Without a functional transmission system, your vehicle will not be able to make full use out of a high-powered engine. The transmission system is what transfers the engine's power output to the wheels, allowing you to adjust and shift between different speeds. An efficient transmission system lets you quickly switch between gears, anytime and anywhere you want! And if your vehicle uses a hydraulic clutch, each gear change is made possible by the clutch master cylinder. The clutch master cylinder houses a reservoir for hydraulic fluid. When you step on the clutch, a plunger pushes through the master cylinder and forces the hydraulic fluid to the slave cylinder. The increased pressure helps the slave cylinder disengage the clutch. In case you're dissatisfied with your vehicle's stock clutch master cylinder, you can have it replaced with a new one from our catalogs. We offer the lowest prices online, so place your orders today!
• Works as soon as you step on the clutch pedal
• Safely houses hydraulic fluid
• Designed according to OE specifications for easy installation
Troubleshooting a Faulty Clutch Master Cylinder
You'd want to make sure that there's enough fluid coursing the clutch lines, so any time you step on the clutch and pull or push the stick shift, you can switch gears easily. To roll with the punches on the road, you want to be able to slow down or speed up with no trouble at all. Don't let a bad clutch master cylinder stand in the way of smooth handling and transmission.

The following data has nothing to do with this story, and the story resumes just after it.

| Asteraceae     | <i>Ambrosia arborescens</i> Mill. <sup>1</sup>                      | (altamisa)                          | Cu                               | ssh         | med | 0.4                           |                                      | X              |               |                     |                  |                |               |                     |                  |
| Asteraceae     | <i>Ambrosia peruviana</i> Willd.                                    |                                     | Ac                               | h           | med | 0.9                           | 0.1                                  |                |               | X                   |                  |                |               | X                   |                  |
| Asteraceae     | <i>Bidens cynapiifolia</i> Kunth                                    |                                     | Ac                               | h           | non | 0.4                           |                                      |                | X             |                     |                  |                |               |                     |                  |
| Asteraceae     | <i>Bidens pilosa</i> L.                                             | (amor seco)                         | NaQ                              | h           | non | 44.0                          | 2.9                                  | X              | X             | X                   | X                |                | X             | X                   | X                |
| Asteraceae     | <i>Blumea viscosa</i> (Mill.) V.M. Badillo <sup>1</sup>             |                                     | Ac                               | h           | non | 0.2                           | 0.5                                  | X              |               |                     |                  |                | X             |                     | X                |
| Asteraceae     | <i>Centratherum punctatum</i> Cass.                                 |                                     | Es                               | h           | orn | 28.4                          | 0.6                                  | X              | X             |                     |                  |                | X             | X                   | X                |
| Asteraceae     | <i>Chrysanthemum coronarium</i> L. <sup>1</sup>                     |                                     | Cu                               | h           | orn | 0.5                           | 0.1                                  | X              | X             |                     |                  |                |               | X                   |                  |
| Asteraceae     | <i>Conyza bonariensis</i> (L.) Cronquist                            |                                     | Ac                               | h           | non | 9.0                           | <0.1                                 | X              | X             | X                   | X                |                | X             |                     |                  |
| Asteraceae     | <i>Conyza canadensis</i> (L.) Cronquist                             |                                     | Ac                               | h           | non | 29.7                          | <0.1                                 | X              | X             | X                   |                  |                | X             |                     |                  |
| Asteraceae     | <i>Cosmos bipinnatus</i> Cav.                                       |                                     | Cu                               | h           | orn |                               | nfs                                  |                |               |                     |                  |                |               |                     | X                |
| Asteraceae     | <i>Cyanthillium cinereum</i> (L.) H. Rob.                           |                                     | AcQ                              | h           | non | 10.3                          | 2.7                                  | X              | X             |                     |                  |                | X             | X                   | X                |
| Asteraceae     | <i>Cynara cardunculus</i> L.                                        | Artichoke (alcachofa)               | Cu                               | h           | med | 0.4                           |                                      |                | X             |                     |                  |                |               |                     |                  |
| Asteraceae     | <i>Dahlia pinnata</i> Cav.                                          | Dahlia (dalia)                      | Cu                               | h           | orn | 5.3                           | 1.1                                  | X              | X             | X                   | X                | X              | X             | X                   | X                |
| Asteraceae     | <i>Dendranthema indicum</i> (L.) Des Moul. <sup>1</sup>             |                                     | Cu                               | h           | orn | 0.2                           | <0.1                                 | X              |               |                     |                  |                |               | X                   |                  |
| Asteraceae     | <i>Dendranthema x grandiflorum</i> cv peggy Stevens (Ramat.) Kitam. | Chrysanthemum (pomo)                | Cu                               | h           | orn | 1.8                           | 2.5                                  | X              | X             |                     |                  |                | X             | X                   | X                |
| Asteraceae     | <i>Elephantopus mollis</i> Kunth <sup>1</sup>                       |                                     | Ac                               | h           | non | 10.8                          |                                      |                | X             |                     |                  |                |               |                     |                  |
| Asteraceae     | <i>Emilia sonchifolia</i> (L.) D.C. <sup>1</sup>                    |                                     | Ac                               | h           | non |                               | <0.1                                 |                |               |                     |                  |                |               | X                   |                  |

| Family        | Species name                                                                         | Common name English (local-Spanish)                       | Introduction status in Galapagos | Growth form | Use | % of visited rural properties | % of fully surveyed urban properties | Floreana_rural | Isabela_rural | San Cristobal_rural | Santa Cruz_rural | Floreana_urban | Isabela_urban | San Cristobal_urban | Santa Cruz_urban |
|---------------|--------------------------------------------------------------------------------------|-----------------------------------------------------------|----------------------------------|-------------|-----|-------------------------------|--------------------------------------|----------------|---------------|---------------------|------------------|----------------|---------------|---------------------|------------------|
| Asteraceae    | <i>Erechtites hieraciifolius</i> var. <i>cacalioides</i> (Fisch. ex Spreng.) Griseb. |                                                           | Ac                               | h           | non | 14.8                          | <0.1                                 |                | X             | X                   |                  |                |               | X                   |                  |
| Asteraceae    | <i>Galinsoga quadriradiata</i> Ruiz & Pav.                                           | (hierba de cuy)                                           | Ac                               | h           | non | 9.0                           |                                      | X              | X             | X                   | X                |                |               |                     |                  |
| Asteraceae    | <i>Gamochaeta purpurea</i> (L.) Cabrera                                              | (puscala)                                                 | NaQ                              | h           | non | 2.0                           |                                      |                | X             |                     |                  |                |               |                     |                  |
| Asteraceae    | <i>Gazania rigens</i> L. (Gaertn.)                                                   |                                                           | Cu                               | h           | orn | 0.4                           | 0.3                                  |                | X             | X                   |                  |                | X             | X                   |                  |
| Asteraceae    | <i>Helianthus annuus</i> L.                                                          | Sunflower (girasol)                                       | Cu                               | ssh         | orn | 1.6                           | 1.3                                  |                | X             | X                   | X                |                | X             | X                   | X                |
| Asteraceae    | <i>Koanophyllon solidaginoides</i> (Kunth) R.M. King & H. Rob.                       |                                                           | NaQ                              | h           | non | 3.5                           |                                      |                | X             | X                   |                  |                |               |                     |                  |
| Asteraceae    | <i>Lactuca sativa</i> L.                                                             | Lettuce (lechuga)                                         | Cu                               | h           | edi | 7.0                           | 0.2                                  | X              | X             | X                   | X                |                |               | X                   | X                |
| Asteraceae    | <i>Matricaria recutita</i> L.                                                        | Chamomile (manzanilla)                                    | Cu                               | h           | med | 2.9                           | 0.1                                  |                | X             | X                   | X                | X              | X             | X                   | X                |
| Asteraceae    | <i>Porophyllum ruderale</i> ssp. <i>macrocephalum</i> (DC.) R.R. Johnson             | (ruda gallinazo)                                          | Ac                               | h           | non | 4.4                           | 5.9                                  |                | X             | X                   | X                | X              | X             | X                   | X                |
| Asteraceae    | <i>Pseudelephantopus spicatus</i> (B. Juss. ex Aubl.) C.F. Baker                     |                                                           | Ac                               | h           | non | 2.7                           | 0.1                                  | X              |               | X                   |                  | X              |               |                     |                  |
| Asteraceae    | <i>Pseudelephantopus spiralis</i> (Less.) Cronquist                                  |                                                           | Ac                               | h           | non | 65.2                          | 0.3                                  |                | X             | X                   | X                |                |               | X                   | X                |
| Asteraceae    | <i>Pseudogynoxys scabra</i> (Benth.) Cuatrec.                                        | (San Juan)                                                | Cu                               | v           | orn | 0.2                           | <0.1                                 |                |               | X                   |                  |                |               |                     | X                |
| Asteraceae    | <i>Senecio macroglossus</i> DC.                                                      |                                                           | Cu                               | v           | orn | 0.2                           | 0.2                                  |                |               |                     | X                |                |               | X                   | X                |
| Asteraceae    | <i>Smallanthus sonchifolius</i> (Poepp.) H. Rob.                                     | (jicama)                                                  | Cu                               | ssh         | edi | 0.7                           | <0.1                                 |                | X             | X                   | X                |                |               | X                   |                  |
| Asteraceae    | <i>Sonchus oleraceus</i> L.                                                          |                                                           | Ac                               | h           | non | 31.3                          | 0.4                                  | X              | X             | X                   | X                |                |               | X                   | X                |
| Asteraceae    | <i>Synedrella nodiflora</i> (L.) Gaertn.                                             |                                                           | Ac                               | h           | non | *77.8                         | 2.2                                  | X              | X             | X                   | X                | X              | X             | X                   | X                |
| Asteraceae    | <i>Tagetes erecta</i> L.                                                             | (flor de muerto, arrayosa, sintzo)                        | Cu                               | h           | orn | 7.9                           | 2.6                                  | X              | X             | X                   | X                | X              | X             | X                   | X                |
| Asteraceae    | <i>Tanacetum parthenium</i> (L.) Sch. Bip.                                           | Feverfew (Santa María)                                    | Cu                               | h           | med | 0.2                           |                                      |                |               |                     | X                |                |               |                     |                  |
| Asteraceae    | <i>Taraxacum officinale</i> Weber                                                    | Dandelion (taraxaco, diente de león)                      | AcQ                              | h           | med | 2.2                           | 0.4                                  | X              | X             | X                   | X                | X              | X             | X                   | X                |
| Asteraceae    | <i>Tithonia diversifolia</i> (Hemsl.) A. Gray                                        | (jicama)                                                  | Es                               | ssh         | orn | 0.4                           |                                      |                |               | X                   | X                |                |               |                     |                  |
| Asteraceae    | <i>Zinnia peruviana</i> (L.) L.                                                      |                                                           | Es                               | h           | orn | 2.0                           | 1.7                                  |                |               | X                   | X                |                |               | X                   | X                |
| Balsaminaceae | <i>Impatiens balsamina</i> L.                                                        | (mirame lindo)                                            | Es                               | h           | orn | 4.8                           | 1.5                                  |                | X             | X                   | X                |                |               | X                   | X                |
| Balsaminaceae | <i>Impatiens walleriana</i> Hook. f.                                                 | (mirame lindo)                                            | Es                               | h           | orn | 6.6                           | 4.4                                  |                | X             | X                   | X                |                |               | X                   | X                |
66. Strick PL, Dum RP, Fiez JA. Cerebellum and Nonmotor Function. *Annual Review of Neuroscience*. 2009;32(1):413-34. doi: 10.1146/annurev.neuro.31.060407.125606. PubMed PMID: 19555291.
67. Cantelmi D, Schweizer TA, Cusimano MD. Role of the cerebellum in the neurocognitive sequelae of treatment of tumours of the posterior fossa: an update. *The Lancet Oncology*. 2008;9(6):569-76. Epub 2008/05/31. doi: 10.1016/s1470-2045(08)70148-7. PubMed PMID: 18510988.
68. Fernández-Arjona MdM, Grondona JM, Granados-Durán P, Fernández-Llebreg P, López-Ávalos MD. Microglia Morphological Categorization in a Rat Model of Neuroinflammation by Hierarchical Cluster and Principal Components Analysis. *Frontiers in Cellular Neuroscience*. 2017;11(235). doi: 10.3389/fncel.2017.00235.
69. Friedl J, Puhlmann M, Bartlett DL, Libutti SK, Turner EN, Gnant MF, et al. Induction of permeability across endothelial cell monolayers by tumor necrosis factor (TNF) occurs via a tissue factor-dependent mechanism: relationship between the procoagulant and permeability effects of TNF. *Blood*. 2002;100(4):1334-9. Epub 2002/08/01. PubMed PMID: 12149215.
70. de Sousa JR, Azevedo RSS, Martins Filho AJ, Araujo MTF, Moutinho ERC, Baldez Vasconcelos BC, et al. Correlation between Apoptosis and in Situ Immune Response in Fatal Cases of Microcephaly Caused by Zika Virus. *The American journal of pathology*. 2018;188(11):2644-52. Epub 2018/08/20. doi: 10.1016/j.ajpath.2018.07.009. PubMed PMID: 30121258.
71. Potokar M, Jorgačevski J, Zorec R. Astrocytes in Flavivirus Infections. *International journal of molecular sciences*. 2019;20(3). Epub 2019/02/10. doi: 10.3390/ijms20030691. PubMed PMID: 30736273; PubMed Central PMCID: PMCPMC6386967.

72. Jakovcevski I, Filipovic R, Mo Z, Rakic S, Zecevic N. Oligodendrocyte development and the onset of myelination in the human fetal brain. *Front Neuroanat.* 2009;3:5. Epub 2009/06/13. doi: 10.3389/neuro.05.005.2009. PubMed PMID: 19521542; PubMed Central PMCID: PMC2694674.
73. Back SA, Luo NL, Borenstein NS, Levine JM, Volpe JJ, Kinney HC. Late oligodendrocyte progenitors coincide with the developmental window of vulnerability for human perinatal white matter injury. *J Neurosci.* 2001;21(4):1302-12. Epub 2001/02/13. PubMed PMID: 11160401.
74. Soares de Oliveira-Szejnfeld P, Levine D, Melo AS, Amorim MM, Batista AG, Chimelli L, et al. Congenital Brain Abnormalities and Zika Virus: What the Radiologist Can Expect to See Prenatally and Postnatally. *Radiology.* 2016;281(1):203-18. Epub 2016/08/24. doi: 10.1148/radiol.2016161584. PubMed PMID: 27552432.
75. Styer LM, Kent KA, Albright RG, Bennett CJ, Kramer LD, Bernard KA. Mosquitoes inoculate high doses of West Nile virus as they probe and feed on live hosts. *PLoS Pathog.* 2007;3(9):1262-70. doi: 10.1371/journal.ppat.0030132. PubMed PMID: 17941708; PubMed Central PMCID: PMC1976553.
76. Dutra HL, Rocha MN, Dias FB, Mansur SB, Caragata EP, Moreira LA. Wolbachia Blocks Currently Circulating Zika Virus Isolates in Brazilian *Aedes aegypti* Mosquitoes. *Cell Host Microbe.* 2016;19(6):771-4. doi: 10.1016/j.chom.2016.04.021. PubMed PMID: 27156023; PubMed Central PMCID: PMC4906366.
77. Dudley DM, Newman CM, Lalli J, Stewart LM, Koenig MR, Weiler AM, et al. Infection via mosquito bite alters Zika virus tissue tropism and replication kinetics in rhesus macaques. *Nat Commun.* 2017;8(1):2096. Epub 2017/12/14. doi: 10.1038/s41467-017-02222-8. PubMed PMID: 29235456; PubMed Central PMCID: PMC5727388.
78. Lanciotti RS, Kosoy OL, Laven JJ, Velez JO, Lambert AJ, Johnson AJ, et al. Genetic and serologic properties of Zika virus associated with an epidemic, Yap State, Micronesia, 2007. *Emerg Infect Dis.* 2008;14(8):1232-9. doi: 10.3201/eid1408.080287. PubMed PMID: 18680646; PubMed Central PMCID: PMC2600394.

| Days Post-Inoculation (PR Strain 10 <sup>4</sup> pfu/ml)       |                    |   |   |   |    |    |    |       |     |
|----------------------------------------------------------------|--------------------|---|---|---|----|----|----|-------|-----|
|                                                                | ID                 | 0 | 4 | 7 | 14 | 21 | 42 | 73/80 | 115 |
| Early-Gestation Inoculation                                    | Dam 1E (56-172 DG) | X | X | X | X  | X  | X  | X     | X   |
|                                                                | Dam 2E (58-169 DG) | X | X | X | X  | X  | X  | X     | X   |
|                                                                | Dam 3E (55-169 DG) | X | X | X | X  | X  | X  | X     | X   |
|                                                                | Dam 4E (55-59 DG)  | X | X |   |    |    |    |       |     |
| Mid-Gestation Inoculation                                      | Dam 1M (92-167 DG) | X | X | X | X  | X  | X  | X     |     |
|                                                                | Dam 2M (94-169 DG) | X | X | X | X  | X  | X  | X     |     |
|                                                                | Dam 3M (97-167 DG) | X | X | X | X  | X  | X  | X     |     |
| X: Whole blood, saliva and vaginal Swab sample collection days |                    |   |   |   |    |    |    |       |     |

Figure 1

How will you know if your clutch master cylinder already needs to be fixed? Here are some tips:
- See if there's enough fluid left. Check the reservoir tank of the clutch master cylinder. The fluid level should go between the lower and upper marks on the reservoir tank.
- Take a close look at the clutch master cylinder to spot if there's leak or fluid dripping on its side. A leaky cylinder should be fixed right away.
- Put some pressure on the clutch pedal. If it's too soft, you have to bleed the clutch lines to remove air. Use your vehicle manual as a guide.
- Trace the clutch line that runs from the clutch master cylinder to the slave cylinder. If it's damaged or corroded, fluid won't course through the system easily. It needs replacement.
Replacing a bad clutch master cylinder
Difficulty level: Moderate
What you'll need:
- Socket wrench with socket set
- Tube nut wrench
- Catch pan
Step 1: Find the clutch master cylinder in your vehicle, which may be found on the driver side of the engine block.
Step 2: Put a pan under the cylinder to catch the fluid that may leak, as you work on this clutch part.
Step 3: Use the tube nut wrench to take out the nuts that seal the master cylinder. Turn the wrench nut counterclockwise.
Step 4: To detach the master cylinder, pull out the bolts that lock it to the firewall.
Step 5: Position the new master cylinder right to the mounting holes, so that you can seal this to the firewall with bolts. Then tighten the tube nuts.
Step 6: After adding fluid to the master cylinder reservoir, bleed the system.